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“The middle class would not exist without organized labor.”
So proclaimed Vice President Joe Biden at a recent speech in Ohio. He’s right. And with unemployment stuck above 9 percent, the need for strong unions has never been greater.
I am the CEO of an international life insurance company. If you think a management perspective automatically means opposition to labor unions, think again. I am humbled to witness the impact of millions of workers’ voices as they proudly affirm, “Workers matter, and we are one!”
America’s middle class and workers are under systematic attack. Our failed and reckless economic policies, the Wall Street raid on Main Street, the coddling of millionaires and billionaires, and the gaming of a tax system that favors Big Corporations and offshore tax havens – taken together, all of these amount to a thinly veiled attempt to silence American workers and profit at their expense.
It isn’t working. What started in Wisconsin with thousands of union members clad in red, battling to keep the rights they earned through their collective voice, has transformed into a national struggle. The stakes are towering, and there is no place for bystanders.
Havens of hope are turning up everywhere. A record number of Wisconsin voters spoke in a recent recall election. Though they fell short of reclaiming a state senate majority in favor of workers’ rights, they won back two seats and reenergized the spirit of American workers, who are now readying themselves for the next round at the ballot box.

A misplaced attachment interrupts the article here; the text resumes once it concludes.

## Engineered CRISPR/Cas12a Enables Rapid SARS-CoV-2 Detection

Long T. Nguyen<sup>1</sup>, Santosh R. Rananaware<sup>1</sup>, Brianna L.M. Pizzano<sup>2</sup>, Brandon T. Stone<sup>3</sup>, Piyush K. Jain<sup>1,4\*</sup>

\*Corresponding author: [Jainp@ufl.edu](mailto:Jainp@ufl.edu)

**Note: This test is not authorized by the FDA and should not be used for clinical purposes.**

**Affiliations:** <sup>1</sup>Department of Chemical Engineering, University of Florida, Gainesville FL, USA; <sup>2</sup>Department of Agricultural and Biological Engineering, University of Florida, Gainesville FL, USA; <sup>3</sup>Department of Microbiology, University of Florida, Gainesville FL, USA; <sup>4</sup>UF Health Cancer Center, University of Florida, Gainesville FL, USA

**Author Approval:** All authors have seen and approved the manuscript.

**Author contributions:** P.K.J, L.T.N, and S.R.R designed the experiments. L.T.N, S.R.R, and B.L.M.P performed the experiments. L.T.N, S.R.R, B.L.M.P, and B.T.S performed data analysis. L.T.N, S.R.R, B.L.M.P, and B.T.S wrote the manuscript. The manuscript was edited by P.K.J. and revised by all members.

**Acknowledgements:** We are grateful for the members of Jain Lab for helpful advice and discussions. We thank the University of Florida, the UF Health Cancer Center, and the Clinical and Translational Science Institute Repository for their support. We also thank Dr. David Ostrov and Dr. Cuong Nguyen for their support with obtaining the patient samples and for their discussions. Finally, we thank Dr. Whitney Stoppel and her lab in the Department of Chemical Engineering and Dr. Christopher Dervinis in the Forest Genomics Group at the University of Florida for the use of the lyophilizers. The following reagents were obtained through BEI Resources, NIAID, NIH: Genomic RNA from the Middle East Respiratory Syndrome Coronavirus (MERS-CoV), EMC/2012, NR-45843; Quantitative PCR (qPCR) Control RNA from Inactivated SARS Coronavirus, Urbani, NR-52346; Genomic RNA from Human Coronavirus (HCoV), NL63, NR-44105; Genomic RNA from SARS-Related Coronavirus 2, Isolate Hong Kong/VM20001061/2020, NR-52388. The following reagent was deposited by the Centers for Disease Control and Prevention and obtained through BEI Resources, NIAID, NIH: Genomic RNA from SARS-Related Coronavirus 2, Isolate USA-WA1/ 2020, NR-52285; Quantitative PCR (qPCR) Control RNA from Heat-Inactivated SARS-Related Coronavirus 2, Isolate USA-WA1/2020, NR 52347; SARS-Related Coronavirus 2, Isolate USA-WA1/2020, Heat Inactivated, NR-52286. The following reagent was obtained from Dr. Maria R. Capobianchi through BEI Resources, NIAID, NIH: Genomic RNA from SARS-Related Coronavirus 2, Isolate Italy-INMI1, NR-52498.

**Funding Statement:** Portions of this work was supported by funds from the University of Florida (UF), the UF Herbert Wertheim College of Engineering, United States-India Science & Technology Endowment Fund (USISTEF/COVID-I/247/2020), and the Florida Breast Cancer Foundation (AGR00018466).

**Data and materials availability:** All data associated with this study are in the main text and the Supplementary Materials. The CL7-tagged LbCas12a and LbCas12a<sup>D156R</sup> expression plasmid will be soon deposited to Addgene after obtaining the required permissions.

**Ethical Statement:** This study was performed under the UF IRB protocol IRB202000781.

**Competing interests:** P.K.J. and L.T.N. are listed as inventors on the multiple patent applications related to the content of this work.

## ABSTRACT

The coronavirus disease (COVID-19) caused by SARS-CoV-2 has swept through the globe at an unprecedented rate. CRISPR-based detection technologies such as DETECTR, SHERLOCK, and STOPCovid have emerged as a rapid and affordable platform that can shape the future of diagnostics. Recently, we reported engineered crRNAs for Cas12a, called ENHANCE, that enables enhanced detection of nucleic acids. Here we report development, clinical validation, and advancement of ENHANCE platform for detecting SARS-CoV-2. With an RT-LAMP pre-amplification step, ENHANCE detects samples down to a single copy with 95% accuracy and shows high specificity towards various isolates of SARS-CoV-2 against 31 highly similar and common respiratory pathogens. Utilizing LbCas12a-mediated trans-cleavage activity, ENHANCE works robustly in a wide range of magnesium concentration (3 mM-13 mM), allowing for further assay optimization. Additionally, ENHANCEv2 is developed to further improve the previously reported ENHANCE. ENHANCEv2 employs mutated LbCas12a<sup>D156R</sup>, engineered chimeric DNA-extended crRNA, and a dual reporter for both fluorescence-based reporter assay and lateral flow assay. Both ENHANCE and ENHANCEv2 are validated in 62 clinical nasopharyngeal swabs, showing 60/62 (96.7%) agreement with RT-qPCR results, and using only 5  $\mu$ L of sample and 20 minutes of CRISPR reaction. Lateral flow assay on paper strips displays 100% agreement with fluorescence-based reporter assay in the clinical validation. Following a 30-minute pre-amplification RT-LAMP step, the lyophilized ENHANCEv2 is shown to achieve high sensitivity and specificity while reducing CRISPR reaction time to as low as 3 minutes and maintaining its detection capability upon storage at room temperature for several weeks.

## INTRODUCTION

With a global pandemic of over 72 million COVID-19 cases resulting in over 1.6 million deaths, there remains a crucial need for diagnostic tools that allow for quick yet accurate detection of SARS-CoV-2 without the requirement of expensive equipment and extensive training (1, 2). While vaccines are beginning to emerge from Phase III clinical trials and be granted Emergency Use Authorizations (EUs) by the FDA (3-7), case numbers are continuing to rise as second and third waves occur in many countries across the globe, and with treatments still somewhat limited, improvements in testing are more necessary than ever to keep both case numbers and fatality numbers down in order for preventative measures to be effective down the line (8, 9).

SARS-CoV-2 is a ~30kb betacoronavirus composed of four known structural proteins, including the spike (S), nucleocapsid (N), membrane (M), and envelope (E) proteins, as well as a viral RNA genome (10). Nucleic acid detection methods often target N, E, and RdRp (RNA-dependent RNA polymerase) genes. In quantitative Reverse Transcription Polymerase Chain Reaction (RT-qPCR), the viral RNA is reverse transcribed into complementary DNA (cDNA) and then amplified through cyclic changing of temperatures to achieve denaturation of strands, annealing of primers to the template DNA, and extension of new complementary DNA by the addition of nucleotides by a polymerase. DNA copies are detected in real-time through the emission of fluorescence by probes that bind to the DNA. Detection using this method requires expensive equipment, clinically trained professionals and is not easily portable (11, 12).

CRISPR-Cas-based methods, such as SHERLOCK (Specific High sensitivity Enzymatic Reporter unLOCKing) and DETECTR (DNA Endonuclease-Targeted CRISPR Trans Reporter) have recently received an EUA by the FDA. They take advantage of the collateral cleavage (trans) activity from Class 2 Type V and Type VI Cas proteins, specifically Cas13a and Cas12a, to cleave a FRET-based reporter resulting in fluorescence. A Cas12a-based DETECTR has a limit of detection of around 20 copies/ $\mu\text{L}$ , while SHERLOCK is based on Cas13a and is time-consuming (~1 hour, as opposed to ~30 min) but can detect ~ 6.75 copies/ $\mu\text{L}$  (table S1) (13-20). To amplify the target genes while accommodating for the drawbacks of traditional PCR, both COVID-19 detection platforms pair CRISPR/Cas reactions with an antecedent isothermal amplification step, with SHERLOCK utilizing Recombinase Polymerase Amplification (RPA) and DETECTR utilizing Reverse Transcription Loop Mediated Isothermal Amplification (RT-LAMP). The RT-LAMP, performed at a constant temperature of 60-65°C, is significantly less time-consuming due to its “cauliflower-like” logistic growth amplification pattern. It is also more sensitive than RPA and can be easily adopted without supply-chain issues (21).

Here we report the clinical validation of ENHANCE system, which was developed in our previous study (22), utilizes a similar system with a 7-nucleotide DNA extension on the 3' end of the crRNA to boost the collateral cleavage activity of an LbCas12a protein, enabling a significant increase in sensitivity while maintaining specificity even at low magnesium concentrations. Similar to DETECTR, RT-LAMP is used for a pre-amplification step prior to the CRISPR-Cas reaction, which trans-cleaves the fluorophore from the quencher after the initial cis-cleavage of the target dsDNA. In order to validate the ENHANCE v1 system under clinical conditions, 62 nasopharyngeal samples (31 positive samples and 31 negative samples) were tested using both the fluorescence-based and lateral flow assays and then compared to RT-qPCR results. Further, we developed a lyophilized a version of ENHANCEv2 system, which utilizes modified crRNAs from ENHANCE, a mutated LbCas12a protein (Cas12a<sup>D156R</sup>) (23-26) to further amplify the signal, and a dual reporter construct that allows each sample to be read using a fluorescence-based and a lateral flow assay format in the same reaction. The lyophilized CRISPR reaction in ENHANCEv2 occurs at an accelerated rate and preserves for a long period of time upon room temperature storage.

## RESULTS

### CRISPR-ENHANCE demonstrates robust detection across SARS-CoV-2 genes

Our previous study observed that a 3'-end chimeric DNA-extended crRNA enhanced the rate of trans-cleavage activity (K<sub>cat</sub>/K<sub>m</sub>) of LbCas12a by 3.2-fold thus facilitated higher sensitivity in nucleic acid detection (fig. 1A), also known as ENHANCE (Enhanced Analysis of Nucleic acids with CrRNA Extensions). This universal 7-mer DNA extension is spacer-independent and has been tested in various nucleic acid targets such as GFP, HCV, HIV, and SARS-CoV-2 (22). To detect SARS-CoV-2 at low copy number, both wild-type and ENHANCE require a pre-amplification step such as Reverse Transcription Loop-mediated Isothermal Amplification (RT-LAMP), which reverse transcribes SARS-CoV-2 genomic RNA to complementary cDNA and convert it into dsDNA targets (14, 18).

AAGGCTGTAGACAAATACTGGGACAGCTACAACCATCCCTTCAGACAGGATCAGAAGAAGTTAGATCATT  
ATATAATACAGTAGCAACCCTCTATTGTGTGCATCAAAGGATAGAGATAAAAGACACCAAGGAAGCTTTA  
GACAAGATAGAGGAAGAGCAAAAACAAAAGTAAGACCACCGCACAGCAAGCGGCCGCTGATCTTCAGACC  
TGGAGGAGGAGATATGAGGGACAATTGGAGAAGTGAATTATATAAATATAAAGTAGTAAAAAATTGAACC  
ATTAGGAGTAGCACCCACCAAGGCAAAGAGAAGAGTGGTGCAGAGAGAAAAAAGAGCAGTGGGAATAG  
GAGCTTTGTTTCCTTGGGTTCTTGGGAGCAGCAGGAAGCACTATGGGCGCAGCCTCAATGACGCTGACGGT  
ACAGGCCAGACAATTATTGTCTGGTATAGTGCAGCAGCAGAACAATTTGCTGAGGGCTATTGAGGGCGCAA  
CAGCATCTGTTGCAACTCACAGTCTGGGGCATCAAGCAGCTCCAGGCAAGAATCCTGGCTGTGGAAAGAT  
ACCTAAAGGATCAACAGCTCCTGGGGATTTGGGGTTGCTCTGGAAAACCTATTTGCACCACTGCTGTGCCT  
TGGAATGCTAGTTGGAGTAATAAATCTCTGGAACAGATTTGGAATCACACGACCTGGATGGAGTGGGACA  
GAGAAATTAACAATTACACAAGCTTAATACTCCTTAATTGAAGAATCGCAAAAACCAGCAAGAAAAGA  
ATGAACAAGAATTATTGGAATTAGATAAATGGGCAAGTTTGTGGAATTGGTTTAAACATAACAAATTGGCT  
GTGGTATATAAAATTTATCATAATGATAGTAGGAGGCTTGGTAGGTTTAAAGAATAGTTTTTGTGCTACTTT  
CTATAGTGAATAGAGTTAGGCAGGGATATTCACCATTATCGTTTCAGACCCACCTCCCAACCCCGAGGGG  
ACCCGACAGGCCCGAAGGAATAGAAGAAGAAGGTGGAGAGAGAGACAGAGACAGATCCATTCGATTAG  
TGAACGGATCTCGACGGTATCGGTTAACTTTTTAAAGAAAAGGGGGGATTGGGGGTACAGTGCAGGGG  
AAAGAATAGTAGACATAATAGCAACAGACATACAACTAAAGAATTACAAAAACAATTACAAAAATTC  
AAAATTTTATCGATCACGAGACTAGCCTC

In Ohio, when the state legislature approved SB 5, a bill that gutted years of hard-won worker rights, over 1 million people joined in petitioning for a state referendum to overturn it. Once again, a sea of red is spilling into the streets.
Even if you don’t believe, as I do, that organized labor is the surest path to a solid middle class and that collective bargaining creates the type of shared prosperity we need in this country, you must join the fight for fairness. This is not about union or non-union. It’s about respect for American workers and the value of their labor.
The few at the top are grabbing all the gains for themselves, leaving nothing for the workers whose increased productivity has resulted in record corporate profits. CEO pay jumped 27 percent in 2010, while the pay of workers in the private sector grew little over 2 percent. This fundamental unfairness must come to an end. This battle will be fought at the worksite and at every polling place in America.
Last month, 45,000 courageous workers went on strike against Verizon, a corporation with over $22.5 billion of profits in the past four and a half years. The strike has since been put on hold while union officials negotiate a new contract with Verizon. Shockingly, Verizon wants to renege on benefits for retirees, eliminate sick days for new hires, abolish disability benefits for workers injured on the job, outsource company jobs, and stick already struggling families with over $20,000 in annual concessions.
I hope millions of America’s workers see this fight for what it is – another attempt to devalue labor and silence workers. American corporations must be brought to understand that they can remain competitive, be profitable and do right by their workers.
It’s important that we support American workers seeking a fundamental transformation to a fair shake for all: a fair wage while working and protection for rightfully earned benefits like Social Security and Medicare.
All people of goodwill should join our protestors clad in red, the unemployed and underemployed, and business leaders who want to do right by our workers. Their voices ask all of us, including CEOs such as myself, to do our part and pay our fair share in rebuilding our great country and our middle class.
\Roger Smith is the president and CEO of American and National Income Life Insurance Companies.
Published: September 22, 2011 – Volume 10 – Issue 23